Attached is a drawing? Which shows the effect of altering the axle and trunnion centre distance through 32,28, and 25mm (about 1.1/4”, 1.1/8” and1”). The ¼” difference has quite an effect on the angular movement, port and flywheel crank size. This is the first R+D drawing for the engine, the centre (28mm) size will be used. I hope members find this thread interesting, it will probably go very slowly.

    [​IMG]

    [​IMG]

    [​IMG]

    Regards Tony.
     
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  2. Nov 30, 2012 #2

    Tony Bird

    Tony Bird

    Tony Bird

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    Hi

    A drawing for a steam engine with a 28mm centre distance between the axle and the cylinder trunnion was made. Though it would have been possible to make this engine there really wouldn’t have been enough of a bearing surface in the bottom cylinder cover for the piston rod. So another drawing was made with a centre distance of 30mm which increased the bearing length by 2mm and reduced the cylinders angular movement to 23 degrees and the steam/exhaust ports diameter to 1.8mm. Another design change was to make the engine into a ‘V’ twin cylinder.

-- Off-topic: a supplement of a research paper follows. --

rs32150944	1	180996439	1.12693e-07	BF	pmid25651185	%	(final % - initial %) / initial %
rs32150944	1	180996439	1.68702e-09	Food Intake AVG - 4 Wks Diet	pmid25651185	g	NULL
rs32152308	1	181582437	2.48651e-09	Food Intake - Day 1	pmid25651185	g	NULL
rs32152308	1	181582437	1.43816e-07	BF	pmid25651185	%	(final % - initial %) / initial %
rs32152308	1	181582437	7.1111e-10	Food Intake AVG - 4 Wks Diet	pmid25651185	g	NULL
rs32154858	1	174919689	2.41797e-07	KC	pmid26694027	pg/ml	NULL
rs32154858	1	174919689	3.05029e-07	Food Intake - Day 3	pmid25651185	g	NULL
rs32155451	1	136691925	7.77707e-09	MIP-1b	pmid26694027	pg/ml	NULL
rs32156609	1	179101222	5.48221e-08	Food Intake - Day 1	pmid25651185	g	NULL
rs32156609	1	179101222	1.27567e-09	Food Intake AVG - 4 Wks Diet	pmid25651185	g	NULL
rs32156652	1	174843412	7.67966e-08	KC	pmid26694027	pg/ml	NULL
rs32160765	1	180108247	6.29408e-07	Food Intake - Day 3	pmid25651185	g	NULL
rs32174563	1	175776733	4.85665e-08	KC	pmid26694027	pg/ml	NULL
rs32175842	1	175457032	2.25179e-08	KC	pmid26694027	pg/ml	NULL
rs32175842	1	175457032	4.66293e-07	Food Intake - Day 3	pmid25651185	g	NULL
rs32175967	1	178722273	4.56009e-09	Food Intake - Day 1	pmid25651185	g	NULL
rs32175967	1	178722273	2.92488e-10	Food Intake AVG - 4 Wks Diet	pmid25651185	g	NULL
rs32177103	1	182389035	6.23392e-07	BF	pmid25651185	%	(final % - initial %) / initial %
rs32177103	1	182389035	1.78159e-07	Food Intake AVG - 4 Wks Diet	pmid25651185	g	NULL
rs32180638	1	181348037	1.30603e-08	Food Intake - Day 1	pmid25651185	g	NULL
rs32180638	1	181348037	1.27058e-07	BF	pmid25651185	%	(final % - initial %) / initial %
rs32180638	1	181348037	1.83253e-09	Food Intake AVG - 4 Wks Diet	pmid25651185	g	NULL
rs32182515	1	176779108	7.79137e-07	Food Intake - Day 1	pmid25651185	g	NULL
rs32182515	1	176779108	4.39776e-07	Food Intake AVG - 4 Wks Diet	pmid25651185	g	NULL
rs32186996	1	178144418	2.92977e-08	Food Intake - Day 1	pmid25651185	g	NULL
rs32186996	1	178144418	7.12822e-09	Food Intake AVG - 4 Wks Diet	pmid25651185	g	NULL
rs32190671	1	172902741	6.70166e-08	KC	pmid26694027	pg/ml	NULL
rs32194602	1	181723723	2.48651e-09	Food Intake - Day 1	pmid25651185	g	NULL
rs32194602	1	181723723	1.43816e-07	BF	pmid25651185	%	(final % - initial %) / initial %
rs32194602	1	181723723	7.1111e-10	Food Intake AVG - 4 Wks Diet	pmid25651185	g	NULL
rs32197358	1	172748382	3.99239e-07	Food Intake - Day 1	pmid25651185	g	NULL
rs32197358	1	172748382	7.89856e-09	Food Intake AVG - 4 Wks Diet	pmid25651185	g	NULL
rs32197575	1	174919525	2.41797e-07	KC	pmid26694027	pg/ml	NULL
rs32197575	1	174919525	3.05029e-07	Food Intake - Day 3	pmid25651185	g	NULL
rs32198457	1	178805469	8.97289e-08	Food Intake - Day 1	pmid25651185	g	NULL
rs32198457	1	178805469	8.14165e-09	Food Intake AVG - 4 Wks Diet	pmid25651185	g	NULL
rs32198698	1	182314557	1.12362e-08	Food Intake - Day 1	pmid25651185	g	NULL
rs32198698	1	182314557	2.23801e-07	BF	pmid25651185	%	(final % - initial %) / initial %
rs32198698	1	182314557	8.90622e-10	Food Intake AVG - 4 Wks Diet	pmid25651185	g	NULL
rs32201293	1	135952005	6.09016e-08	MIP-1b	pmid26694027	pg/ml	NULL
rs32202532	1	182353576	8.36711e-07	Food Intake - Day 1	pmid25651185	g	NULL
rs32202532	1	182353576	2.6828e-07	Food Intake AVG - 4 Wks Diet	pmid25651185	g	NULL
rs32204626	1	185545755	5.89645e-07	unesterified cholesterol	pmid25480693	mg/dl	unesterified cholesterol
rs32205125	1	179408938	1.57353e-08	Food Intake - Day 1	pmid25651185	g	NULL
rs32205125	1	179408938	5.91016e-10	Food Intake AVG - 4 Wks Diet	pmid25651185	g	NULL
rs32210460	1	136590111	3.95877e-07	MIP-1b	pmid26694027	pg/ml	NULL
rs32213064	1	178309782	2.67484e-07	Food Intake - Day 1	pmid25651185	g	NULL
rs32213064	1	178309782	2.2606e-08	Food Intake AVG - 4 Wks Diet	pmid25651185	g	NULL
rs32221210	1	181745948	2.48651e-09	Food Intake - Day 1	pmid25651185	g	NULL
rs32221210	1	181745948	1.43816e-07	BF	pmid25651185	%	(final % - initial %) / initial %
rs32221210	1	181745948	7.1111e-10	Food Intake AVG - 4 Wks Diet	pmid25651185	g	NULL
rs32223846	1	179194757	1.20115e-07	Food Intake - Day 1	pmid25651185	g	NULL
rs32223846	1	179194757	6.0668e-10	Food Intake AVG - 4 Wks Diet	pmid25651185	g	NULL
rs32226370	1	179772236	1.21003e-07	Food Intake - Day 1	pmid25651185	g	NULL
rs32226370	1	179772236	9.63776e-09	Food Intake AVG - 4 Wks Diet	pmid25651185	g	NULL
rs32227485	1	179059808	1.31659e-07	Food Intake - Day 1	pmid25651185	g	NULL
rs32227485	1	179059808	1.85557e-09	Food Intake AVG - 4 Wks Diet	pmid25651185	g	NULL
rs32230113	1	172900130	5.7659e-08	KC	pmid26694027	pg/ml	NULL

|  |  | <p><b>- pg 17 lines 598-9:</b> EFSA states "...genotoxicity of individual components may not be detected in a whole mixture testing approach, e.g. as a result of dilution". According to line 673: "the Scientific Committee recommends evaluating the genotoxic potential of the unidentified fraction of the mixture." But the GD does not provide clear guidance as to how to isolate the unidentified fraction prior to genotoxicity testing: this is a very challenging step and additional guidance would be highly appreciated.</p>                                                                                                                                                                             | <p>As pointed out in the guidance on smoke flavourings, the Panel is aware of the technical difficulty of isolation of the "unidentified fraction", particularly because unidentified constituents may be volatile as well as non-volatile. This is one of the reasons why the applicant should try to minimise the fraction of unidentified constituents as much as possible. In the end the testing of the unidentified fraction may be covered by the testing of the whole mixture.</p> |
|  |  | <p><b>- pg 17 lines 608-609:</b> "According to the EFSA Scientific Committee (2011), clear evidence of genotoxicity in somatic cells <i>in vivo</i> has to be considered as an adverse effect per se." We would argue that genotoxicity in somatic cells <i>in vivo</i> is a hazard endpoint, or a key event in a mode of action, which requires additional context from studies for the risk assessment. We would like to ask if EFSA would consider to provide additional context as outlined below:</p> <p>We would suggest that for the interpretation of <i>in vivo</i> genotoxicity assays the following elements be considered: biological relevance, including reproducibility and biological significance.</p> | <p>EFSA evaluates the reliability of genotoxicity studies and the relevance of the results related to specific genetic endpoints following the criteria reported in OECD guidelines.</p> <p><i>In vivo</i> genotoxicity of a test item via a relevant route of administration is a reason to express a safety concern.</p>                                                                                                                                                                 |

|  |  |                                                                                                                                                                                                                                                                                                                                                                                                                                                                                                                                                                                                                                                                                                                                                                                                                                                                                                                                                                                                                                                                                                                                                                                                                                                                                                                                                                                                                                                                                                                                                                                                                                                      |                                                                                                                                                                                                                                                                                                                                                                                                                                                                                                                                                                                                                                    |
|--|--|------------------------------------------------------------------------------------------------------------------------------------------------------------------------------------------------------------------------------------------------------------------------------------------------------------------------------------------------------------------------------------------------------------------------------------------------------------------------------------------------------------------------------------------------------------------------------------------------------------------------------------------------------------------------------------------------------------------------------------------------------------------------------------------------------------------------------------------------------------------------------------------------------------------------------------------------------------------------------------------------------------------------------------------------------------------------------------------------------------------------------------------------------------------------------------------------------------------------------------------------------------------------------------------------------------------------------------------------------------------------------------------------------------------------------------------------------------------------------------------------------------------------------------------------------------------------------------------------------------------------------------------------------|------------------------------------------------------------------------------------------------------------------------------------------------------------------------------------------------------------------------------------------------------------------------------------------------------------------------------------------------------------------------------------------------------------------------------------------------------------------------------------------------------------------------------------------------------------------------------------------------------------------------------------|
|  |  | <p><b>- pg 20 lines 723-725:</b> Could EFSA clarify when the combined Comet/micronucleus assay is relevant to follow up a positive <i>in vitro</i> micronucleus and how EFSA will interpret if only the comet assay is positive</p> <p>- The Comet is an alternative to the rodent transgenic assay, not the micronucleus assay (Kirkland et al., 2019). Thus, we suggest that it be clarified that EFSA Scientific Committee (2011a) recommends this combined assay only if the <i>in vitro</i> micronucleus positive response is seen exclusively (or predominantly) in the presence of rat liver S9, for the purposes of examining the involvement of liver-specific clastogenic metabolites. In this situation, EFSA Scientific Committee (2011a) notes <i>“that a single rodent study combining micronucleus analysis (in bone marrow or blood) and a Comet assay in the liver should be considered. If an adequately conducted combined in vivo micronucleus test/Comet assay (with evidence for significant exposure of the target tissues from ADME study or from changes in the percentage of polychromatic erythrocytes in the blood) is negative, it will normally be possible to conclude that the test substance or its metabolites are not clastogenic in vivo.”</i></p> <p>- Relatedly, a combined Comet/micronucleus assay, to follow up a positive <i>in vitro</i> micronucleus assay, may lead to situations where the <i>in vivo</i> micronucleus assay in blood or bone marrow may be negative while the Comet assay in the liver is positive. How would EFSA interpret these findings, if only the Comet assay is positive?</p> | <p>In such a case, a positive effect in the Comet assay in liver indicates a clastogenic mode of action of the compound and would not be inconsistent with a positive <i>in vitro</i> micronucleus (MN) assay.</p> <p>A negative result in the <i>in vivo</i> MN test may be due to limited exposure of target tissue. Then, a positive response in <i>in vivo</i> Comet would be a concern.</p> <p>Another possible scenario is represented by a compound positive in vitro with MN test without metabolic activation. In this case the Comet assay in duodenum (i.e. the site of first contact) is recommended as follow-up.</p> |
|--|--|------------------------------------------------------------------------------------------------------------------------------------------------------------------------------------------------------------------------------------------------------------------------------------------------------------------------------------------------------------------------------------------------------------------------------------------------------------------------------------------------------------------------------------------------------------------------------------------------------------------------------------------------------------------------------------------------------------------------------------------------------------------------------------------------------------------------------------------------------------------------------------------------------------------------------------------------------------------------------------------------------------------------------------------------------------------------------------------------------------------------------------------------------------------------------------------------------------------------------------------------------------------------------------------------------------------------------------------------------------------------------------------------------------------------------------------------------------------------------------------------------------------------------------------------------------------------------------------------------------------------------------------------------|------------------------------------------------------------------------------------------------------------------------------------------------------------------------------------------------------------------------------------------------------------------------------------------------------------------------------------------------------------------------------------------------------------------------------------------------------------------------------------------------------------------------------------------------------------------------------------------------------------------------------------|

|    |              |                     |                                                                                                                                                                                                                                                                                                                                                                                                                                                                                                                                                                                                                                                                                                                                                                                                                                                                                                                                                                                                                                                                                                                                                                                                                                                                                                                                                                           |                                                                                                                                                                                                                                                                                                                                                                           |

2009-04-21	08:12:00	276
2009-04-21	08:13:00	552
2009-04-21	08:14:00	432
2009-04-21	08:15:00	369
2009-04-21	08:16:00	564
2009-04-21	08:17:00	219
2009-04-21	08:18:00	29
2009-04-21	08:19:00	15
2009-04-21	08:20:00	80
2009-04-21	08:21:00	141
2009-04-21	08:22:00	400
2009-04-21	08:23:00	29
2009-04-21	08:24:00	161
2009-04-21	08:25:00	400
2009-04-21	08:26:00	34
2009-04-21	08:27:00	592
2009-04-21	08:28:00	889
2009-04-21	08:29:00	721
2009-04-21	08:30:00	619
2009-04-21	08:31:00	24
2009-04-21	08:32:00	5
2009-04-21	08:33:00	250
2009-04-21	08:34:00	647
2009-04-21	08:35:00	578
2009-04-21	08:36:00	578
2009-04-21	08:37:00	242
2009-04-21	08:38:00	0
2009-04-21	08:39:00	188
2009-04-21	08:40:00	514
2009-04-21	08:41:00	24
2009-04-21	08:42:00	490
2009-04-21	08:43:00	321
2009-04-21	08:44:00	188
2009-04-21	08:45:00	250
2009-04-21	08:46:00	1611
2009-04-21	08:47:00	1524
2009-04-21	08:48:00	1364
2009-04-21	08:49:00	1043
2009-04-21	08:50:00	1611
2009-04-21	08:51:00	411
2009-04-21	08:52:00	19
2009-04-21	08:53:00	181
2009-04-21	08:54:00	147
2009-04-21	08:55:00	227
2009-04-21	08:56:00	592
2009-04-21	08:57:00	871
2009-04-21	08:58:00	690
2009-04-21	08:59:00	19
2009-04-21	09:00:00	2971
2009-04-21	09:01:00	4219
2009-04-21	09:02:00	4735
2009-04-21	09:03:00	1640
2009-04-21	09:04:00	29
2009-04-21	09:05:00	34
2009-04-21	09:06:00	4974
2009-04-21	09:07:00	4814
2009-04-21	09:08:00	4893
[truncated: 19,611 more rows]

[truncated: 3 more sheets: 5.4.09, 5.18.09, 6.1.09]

[​IMG] ,

    [​IMG]

    A start was made on the cylinders, which uses K&S brass tubing for the bore. Two sets of cylinders are being made one 5/16” bore the other 3/8”, in both cases the stroke is 12mm. The port block on the cylinder is made from brass hexagonal stock. The following photographs hopefully will explain the cylinder construction, if they don’t please ask.

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    Photobucket has stopped working for me so I will close and add the remaining photographs in the next mail.